Q: Did Nintendo make any effort to shut down the website, or give you any warning, before they fired you?

A: No. They called me on my way to work to tell me that I was fired. I had no clue that they were snooping around the Internet looking for a reason to fire me. Ironically, about a week prior, I was commended for a job well done on a specific project.

To be honest, I wasn’t talking about my boss. I was very disappointed to hear that she thought I was talking about her. I really enjoyed my boss, and she is a very pleasant person. It’s a shame that she had to fire me in the way she did, otherwise I might have had the opportunity to explain that I wasn’t talking about her.

Q: Do you believe that blogs should be considered protected speech?

A: Yes. In my case, 85% of what I said on my blog was exaggerated for entertainment purposes. For all they know, I could be leaking chapters out of a new book, a book that is written in a first person, diary voice. With that being said, even if [the blog] was true, it never would have any effect on Nintendo.

Q: If you had told them it was fiction, would they still be able to fire you for keeping the blog?

A: I don’t know… I wasn’t able to get a word in edgewise. Seriously, by reading my blog would you think I would work at a gaming company? Of all places to guess where I work, do you think my readers would say, “Ah ha, she works at NINTENDO!”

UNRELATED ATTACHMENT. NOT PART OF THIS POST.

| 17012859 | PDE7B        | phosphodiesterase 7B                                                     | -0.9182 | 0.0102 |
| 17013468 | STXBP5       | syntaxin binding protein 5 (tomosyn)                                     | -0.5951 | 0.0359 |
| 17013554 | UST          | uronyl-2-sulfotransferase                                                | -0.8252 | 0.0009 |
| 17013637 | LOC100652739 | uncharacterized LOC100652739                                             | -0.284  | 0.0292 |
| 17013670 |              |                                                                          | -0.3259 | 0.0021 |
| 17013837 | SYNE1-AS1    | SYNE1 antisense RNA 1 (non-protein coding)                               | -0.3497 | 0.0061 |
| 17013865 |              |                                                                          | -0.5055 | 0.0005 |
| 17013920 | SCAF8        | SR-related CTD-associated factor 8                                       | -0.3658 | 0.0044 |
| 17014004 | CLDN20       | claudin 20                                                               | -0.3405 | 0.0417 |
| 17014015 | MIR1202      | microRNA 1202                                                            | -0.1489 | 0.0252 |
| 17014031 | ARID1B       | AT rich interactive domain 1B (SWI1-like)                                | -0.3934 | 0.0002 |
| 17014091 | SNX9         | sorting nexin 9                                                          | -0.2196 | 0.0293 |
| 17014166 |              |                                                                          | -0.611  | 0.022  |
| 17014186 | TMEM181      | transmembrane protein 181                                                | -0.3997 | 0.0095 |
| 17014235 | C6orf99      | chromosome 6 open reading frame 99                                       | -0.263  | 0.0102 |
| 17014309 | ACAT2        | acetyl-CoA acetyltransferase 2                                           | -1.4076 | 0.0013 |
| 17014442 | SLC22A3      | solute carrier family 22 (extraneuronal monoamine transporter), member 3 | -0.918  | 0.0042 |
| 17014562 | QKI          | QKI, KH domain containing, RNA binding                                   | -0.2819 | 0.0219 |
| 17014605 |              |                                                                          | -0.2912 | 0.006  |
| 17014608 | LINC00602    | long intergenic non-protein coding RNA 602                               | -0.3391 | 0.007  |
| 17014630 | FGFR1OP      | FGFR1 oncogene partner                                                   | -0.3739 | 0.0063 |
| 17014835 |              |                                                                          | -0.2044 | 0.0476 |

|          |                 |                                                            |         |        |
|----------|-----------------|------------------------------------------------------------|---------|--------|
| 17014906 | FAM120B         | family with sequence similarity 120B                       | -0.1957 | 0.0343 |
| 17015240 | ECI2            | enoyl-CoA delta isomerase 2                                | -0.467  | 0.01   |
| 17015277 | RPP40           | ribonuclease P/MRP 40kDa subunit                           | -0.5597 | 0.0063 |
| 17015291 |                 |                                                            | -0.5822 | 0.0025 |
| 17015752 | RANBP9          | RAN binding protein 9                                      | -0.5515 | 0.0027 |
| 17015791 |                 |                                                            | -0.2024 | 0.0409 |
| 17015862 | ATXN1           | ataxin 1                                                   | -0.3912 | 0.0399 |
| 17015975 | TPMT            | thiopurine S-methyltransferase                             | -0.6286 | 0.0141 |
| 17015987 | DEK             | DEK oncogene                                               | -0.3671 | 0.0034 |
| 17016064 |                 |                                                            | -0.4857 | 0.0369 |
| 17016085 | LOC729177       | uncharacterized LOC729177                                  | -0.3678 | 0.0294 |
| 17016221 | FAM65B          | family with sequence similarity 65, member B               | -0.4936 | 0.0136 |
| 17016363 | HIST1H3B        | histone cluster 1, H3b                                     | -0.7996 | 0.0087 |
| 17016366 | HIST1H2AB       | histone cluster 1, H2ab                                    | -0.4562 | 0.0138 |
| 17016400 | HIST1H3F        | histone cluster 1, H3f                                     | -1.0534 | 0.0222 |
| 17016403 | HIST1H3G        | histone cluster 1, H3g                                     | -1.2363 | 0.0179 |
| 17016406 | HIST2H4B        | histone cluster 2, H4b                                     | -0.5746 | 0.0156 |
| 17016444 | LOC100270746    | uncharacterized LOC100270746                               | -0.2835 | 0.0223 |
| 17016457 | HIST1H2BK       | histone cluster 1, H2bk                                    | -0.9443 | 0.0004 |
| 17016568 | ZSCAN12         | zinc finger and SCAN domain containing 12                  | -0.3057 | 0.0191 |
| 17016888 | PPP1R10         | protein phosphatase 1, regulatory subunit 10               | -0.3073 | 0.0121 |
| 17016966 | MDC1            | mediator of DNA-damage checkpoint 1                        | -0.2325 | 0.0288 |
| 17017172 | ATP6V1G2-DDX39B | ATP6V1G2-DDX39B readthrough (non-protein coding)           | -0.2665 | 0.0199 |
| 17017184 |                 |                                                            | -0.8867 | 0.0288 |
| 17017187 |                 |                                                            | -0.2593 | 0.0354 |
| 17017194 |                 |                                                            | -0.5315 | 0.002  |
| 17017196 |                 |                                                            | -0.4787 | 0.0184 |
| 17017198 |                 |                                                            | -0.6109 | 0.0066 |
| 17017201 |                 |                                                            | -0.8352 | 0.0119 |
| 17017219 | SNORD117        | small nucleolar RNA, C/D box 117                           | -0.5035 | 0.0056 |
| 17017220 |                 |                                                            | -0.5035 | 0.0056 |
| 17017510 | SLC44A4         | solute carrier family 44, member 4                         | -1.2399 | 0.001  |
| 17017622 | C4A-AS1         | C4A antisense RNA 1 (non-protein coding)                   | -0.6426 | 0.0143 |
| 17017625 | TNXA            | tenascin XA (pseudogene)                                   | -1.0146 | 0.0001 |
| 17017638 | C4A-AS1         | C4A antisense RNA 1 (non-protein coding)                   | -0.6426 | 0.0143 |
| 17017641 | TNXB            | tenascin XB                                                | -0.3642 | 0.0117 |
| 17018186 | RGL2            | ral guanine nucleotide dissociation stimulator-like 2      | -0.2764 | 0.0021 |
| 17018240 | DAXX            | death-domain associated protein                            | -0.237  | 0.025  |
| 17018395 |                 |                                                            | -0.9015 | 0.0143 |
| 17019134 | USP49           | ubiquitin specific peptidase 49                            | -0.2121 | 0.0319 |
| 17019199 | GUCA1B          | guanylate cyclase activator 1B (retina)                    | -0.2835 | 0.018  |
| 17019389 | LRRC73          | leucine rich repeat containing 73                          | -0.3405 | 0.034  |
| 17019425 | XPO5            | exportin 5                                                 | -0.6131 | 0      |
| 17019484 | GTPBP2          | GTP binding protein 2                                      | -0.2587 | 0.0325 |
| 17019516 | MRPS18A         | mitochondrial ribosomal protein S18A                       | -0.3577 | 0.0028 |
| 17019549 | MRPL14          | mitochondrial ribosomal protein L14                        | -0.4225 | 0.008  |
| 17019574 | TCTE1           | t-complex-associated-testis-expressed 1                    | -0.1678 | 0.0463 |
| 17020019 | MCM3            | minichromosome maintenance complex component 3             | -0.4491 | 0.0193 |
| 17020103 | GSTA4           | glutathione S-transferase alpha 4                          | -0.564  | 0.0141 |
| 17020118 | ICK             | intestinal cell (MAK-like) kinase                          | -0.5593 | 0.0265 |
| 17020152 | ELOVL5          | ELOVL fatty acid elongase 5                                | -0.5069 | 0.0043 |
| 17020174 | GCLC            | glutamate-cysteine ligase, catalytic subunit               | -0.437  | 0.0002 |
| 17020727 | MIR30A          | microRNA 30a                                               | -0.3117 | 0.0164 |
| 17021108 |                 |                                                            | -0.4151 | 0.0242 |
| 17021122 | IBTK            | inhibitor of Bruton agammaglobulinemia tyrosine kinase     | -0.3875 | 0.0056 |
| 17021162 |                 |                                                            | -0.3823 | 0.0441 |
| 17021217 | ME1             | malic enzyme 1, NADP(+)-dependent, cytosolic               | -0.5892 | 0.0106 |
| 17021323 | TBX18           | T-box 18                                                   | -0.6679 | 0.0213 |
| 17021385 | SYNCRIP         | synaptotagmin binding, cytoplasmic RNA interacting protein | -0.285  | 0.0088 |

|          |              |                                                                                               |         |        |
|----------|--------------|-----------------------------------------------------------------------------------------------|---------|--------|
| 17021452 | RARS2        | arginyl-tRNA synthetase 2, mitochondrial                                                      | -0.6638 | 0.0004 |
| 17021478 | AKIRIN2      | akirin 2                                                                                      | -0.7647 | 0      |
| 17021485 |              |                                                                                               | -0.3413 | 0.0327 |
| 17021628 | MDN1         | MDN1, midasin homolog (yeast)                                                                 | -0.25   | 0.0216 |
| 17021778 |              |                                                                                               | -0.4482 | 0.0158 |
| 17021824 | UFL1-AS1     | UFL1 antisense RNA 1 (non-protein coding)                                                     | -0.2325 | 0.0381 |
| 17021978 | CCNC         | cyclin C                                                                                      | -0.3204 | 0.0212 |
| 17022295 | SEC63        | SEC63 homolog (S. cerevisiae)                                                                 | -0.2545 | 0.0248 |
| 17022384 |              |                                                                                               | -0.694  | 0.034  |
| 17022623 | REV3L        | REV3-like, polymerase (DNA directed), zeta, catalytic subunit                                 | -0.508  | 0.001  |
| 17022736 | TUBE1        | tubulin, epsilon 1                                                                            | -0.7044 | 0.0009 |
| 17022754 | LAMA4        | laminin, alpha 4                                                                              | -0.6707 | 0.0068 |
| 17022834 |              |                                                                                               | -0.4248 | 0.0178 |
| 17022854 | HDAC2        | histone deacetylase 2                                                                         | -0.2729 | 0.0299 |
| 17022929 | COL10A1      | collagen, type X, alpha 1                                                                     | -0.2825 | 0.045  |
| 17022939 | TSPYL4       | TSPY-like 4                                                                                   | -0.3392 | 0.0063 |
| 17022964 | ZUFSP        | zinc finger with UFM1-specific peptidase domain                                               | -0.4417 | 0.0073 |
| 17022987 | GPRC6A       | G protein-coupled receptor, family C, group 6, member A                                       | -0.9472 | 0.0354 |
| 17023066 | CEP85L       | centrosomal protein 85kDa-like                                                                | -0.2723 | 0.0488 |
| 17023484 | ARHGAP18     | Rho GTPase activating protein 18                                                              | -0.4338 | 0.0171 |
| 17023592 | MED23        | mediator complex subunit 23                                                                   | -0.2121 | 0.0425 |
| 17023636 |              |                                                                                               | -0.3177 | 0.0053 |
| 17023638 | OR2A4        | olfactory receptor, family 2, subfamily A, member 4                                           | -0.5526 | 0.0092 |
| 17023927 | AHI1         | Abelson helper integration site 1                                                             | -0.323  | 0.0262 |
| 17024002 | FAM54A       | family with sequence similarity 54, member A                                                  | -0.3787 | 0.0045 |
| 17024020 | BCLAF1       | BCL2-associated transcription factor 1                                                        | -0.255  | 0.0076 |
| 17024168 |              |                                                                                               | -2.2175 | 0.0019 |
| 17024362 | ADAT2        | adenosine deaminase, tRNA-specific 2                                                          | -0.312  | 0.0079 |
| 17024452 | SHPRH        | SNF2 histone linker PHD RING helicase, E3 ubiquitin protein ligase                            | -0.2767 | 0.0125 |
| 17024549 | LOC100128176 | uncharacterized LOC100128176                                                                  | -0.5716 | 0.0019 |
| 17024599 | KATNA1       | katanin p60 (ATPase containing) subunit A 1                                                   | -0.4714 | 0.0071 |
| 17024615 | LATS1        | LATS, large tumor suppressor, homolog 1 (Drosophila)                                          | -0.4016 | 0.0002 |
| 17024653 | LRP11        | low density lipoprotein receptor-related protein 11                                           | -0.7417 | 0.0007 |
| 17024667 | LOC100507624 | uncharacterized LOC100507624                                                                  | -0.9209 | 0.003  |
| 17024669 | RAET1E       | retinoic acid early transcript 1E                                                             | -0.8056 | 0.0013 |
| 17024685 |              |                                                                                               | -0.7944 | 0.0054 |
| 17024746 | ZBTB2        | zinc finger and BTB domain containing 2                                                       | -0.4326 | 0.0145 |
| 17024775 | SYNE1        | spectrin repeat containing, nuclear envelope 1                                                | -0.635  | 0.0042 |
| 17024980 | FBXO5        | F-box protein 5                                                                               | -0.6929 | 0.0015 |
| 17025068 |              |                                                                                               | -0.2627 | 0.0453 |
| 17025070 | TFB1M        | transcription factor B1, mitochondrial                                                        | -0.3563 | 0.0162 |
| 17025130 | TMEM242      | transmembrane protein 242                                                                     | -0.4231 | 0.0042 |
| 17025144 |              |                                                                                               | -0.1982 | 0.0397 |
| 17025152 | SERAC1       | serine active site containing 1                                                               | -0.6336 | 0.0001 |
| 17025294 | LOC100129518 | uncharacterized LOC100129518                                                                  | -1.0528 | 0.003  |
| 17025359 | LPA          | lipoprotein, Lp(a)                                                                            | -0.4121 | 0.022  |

Q: You didn’t mention Nintendo by name?

A: No, of course not. As a matter of fact, not all of the content that was written was drawn off experience at Nintendo. Maybe a sliver was.

Q: Does Nintendo have a company policy on personal blogs?

A: No, but according to the PR rep they do. I was never aware of it until after the fact. If there was a company policy in place, I would have never accepted a job there.

I am not going to sit here and act like some of the stuff I wrote wasn’t inflammatory. But there wasn’t any proof in the pudding of me supposedly referring to Nintendo. If there was, that would be a completely different story.

Q: Do they claim the right to determine what is and is not acceptable blogging?

A: I don’t know, to be honest. Lately, I’ve heard some rumors of them instating some sort of blog policy. I guess I’m the poster child for that one.

Q: Could you have made your blog private, for friends only? Or did you want to allow a wider audience for your blogging?

A: I never thought that there would be a reason to make it private. I didn’t expect for someone to go searching for it. [Microsoft Live] Spaces doesn’t have a robust searching feature. You would literally have to know someone’s name or URL to find them.

Q: Is Nintendo trying to be outwardly “family friendly”?

A: You know, I don’t think that Nintendo wants the same audience as Microsoft or Sony. I get that they are marketing to children. The majority of their games are E or T. Their consoles are extremely user friendly, and technically speaking are extremely elementary compared to Sony.

Xbox may have had the recall, yes, but they make a pretty good product. I gotta admit, I like Halo, and Madden.

Q: So is Nintendo’s corporate culture sort of “E for Everyone” also?

A: I think that would be safe to say. In my opinion, I think that they are a generation or two behind Microsoft’s corporate culture.

Q: What are your career goals following your departure from Nintendo?

A: I want to write. I enjoy dabbling in online media.